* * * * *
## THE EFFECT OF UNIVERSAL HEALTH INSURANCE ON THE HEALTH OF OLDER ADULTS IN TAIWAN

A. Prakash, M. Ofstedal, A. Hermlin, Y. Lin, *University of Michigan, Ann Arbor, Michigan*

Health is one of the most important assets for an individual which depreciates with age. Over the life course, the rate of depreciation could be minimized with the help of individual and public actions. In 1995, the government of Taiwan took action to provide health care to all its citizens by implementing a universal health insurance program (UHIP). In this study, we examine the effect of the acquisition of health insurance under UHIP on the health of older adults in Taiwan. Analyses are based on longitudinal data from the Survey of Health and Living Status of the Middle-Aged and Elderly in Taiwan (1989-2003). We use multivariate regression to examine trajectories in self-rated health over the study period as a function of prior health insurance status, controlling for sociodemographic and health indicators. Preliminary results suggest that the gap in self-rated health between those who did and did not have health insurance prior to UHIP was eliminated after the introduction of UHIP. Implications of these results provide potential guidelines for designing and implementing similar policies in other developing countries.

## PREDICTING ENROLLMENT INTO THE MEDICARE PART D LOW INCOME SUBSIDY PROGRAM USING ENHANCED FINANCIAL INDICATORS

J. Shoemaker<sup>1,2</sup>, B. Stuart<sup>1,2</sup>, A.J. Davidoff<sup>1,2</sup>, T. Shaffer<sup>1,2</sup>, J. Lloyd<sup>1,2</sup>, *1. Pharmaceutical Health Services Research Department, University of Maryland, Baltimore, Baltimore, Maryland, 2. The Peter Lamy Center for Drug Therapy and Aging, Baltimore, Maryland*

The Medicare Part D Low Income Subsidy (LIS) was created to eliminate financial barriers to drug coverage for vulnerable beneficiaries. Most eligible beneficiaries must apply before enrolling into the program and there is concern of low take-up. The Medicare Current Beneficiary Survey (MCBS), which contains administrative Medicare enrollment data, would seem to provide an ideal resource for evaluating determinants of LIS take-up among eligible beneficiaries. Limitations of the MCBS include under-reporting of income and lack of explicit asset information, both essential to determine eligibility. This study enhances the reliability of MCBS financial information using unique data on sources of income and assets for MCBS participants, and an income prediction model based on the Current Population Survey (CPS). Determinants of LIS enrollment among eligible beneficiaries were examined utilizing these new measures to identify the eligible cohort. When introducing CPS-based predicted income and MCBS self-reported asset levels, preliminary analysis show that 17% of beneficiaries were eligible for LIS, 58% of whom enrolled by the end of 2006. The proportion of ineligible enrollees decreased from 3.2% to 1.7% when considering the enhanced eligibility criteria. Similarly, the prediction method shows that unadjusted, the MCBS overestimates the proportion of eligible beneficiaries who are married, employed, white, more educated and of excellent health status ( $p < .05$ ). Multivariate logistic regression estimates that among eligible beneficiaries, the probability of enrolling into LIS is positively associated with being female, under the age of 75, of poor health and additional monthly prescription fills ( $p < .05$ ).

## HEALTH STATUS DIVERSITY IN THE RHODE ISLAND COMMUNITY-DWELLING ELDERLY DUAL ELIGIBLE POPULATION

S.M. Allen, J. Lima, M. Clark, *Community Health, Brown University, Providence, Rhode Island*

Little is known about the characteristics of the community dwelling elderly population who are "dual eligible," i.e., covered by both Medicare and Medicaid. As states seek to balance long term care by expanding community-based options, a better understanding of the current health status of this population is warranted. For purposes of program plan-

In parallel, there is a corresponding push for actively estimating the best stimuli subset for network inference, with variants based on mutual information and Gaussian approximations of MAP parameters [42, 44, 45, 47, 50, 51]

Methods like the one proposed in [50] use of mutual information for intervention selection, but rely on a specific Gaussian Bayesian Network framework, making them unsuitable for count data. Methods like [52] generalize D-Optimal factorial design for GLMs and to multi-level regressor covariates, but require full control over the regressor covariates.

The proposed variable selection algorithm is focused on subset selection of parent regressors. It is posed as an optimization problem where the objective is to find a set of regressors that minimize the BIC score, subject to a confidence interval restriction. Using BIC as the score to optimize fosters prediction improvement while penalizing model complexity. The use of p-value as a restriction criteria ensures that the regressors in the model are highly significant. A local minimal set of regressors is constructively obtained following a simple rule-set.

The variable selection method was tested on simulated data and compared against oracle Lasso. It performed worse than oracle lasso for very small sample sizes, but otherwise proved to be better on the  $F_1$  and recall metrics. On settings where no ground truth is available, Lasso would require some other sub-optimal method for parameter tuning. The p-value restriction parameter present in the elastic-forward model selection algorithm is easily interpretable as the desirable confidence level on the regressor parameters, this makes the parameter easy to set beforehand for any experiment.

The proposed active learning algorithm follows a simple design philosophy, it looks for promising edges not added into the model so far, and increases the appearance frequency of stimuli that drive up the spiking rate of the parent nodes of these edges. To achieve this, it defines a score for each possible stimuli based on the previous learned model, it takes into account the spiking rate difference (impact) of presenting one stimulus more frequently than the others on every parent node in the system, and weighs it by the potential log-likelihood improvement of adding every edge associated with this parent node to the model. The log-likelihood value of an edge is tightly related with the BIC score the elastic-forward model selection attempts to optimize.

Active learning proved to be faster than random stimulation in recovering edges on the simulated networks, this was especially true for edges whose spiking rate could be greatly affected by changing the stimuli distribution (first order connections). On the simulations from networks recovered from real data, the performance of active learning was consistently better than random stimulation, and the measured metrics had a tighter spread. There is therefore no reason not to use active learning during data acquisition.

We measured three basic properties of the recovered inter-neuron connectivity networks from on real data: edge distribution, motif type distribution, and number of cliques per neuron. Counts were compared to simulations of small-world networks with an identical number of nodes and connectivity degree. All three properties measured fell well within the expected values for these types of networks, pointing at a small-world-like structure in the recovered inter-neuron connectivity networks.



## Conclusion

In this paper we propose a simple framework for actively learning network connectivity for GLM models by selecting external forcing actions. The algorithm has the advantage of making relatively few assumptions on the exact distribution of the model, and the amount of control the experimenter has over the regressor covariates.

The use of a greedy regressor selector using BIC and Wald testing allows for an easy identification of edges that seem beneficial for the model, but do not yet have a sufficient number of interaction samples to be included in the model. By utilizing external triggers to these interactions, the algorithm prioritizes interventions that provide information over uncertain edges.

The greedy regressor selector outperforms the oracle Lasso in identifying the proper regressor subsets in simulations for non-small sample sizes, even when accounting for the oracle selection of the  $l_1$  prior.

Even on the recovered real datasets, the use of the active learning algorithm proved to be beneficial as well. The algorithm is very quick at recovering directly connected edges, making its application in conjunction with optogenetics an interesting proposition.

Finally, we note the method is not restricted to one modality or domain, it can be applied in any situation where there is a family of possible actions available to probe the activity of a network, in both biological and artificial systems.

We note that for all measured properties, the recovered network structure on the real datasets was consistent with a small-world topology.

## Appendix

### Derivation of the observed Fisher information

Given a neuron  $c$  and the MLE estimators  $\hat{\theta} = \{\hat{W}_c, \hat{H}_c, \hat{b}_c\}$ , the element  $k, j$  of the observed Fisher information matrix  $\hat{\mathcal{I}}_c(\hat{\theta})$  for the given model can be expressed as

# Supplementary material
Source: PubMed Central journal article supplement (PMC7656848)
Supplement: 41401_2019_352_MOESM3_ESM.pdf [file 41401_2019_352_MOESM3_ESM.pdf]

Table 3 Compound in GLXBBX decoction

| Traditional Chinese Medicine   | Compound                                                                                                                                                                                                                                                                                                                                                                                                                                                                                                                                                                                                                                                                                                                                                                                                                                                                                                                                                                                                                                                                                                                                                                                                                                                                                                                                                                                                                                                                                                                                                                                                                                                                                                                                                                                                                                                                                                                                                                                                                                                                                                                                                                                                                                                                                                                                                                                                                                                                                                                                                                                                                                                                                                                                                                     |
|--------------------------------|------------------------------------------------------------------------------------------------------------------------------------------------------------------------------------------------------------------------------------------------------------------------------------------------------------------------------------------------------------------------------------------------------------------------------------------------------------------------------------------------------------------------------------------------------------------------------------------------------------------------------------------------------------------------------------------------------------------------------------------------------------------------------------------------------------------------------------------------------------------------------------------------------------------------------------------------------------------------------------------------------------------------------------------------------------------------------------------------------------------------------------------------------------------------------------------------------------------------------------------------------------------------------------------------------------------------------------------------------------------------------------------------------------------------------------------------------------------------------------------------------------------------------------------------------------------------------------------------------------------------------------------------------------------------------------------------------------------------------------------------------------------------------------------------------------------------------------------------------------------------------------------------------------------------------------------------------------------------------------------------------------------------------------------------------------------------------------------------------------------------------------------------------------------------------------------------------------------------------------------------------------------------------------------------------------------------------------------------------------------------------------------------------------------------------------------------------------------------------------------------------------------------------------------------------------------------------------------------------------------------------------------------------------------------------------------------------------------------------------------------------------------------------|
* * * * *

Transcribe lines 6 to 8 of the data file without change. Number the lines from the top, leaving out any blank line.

The Medicare Part D Low Income Subsidy (LIS) was created to eliminate financial barriers to drug coverage for vulnerable beneficiaries. Most eligible beneficiaries must apply before enrolling into the program and there is concern of low take-up. The Medicare Current Beneficiary Survey (MCBS), which contains administrative Medicare enrollment data, would seem to provide an ideal resource for evaluating determinants of LIS take-up among eligible beneficiaries. Limitations of the MCBS include under-reporting of income and lack of explicit asset information, both essential to determine eligibility. This study enhances the reliability of MCBS financial information using unique data on sources of income and assets for MCBS participants, and an income prediction model based on the Current Population Survey (CPS). Determinants of LIS enrollment among eligible beneficiaries were examined utilizing these new measures to identify the eligible cohort. When introducing CPS-based predicted income and MCBS self-reported asset levels, preliminary analysis show that 17% of beneficiaries were eligible for LIS, 58% of whom enrolled by the end of 2006. The proportion of ineligible enrollees decreased from 3.2% to 1.7% when considering the enhanced eligibility criteria. Similarly, the prediction method shows that unadjusted, the MCBS overestimates the proportion of eligible beneficiaries who are married, employed, white, more educated and of excellent health status ( $p < .05$ ). Multivariate logistic regression estimates that among eligible beneficiaries, the probability of enrolling into LIS is positively associated with being female, under the age of 75, of poor health and additional monthly prescription fills ( $p < .05$ ).

## HEALTH STATUS DIVERSITY IN THE RHODE ISLAND COMMUNITY-DWELLING ELDERLY DUAL ELIGIBLE POPULATION

S.M. Allen, J. Lima, M. Clark, *Community Health, Brown University, Providence, Rhode Island*